If you need an account, follow this link to create a CS account and to find the names of public machines to which you can log in.

Quizzes

There may be unannounced in-class quizzes on course lecture material, readings from the course texts, and/or homework. Missed quizzes will be given a grade of zero unless there are extenuating circumstances.
.

Homework, Programming Assignments, and Submissions

Submissions are via Canvas.  A PDF file must be submitted on all assignments -- it lists your name and email address -- the address must be hyperlinked so that I can easily send my comments of your assignment back to you.  Click here for an example of what is expected.

Issues with Netbeans and Eclipse. Programming assignments will require the writing of clear documentation and Unit tests.  There are some problems/issues in writing javadoc documentation and running regression tests with JUnit, which are described below:
You should read these postings carefully, and don't forget reading how to set a classpath.

Examinations

There are two midterms and a final. These exams must be taken on the specified date and at the specified time. If you miss an exam due to extenuating circumstances, a grade will be negotiated for the exam based on a percentage of your homework, quizzes, and other exam scores. Otherwise missed exams will be given a grade of zero.

Class Grades

Final grades will be determined approximately by the following scheme:

  1. Your accumulative programming assignment grade will determine the maximum final grade for the course.  Ex: if you get a "B" average across all of your projects, your final grade will be no greater than a "B".
  2. Final counts 40%, each midterm 30%, approximately.

Homework grades and class participation will be used to decide final grades in grade-borderline cases.

Extenuating Circumstances

If you have difficulty meeting the requirements of this course, fail to hand in an assignment, or miss an exam because of an unforeseen situation, please advise the instructor in writing at the earliest possible date so that your situation can be discussed. If you encounter an unexpected medical or family emergency or a random act of Nature that causes you to miss the due date for homework or miss a quiz or exam, you must present suitable documentation in writing to the instructor before special consideration will be given. A file of all written correspondence will be kept by the instructor and decisions regarding them will be made at the end of the semester.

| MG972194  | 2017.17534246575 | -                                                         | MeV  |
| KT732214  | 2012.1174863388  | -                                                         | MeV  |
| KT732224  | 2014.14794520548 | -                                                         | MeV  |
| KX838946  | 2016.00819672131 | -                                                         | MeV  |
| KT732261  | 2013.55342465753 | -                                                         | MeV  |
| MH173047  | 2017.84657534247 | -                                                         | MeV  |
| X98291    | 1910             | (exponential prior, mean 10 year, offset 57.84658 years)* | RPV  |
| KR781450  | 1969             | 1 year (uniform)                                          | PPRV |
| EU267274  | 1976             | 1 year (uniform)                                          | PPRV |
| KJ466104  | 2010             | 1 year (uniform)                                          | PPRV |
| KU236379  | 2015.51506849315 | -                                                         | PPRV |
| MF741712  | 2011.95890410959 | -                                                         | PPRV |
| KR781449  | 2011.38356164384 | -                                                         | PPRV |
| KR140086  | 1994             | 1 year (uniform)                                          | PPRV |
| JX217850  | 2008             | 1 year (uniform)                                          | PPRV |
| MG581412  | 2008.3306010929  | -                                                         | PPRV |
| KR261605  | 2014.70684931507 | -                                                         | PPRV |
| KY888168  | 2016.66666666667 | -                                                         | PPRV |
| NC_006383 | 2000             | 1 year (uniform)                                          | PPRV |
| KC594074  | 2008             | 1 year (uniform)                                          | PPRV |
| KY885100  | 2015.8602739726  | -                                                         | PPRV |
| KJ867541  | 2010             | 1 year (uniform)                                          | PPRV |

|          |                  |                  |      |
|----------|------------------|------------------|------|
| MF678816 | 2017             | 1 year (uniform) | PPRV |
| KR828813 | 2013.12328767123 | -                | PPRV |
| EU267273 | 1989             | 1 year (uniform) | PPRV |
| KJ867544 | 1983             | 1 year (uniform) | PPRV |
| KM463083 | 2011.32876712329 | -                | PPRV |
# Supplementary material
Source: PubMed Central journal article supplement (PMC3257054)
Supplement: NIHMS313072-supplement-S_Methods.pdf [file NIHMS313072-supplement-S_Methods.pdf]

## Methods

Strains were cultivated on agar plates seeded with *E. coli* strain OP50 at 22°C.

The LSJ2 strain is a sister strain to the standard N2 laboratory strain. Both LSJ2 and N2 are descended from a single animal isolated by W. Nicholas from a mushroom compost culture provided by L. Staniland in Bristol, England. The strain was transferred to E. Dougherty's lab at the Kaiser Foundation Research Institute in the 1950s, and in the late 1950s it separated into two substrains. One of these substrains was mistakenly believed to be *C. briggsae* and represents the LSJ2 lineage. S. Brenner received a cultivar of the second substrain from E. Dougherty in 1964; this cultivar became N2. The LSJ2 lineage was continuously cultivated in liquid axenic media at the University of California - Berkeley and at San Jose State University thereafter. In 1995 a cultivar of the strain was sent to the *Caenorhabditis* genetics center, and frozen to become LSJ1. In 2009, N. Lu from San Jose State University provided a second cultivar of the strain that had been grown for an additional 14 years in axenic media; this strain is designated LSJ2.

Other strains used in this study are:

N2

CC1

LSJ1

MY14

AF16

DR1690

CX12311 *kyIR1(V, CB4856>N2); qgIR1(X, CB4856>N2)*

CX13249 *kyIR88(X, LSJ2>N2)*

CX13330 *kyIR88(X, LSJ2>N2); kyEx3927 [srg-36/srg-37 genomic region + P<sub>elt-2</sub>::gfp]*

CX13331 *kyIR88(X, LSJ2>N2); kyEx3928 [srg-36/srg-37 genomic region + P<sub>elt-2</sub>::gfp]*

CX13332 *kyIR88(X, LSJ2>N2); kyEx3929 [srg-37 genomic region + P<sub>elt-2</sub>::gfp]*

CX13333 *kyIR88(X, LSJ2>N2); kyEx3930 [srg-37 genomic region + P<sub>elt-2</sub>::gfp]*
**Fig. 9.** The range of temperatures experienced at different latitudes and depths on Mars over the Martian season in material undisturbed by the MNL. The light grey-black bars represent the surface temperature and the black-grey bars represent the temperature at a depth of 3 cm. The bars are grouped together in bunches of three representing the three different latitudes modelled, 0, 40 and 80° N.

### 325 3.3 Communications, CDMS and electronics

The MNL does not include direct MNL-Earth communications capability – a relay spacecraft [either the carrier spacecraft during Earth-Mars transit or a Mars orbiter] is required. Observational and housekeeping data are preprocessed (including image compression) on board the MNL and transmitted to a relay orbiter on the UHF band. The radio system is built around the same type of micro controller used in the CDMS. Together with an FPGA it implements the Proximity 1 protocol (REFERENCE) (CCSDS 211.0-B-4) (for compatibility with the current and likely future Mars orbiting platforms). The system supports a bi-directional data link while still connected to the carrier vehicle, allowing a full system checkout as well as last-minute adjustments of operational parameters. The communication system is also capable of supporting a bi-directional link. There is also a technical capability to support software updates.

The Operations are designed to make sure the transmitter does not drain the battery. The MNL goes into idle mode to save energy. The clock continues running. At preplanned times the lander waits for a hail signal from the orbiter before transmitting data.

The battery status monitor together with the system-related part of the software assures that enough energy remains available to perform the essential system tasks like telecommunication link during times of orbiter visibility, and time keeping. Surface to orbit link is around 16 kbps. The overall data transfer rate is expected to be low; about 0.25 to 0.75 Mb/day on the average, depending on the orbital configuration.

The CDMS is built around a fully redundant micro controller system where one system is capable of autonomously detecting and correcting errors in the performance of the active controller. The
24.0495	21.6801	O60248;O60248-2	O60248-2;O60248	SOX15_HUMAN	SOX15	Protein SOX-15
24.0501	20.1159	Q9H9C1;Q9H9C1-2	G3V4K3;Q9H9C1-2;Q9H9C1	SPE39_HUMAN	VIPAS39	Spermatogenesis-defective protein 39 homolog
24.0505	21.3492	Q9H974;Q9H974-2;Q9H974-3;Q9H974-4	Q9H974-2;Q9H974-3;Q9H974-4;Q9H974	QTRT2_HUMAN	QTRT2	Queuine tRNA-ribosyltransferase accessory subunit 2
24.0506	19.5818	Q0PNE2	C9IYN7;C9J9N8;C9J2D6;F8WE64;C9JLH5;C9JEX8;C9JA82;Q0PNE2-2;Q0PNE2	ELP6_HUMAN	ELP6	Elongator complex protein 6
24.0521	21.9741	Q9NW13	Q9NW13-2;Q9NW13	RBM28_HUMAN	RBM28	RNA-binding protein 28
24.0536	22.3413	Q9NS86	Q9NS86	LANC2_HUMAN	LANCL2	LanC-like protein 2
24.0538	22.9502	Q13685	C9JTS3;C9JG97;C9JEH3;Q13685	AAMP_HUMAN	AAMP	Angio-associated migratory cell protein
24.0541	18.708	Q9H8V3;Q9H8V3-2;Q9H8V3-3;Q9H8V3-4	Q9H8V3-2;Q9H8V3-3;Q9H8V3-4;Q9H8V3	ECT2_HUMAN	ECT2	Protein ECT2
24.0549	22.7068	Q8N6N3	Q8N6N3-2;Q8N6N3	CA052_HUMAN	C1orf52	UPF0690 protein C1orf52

Schedule

Numbers in [brackets] indicates the estimated number of lectures per topic. The number indicated is a lower-bound, as there will be class room discussions to work on problems and review of homework assignments. PPTX and PDF copies of the lectures are hyperlinked below.  Given this, the exact dates of a lecture are unknown.  The order in which topics are presented is below.  A PDF of the syllabus distributed on the first day of class is here.

Topic
[# of lectures + days of discussion]
Written
Assignments
Programming
Assigments
1. Introduction [1]
  • design vs programming, model driven engineering, models, transformations, automated software development

Pre-Course Survey (Jan 22, 8pm) P0: Setting ClassPath  (Jan 22, 9pm)

P1: Java Reflection (Jan 27, 9pm)
2. Unified Modeling Language [4]
  • class diagrams, cardinalities, associations object diagrams, constraints, meta-models and meta-modeling, writing constraints in Prolog, in class examples
H1: UML Model of a
Category Diagram (Jan 29, 10pm)


H2: UML Model of a
Logic Diagram (Feb 3, 10pm)
P2: Writing MetaModel
Constraints in Prolog
Due Fri, Feb 5, 10pm
3. Object Oriented Refactorings [3]
  • model refactorings
  • OO program refactorings: rename, extract method, substitute, move member, factory method, pull-up, push-down, singleton, extract class (normalization, partition), extract superclass, extract interface
P3: Class Diagram Visualization
and Model-to-Text Transformations
Due Fri Feb 19, 10pm
Midterm #1  
4. Design Patterns [7]
  • basic patterns: facade, adapter, flyweight
  • separation of concerns, observer, model-view-controller, mediator
  • frameworks, template, factory, abstract factory  (in class example)
  • grammars, composite, decorator, intepreter
  • delegate patterns: visitors, command, memento
Midterm #2 
5. Architectural Patterns [2]
  • layers, multi-tiered and 3-tiered architectures, object-oriented virtual machines, symmetric vs. asymmetric layers
  • pipe and filter architectures, components and connectors, Java pipes

6. Parallel Architectures [2]
  • program derivation, refinements, optimizations, map reduce, substitution principles, architectural optimization, architecture refinement and correctness, parallel architectures, parallel hash join architectures
  • design of byzantine fault tolerant servers, program extensions


7. Service Oriented Architectures [2]
  • historical development (CORBA, COM) and evolution to present-day concepts
  • JAX web servers


8. Optional Topics (Categories) and Course Recap [1]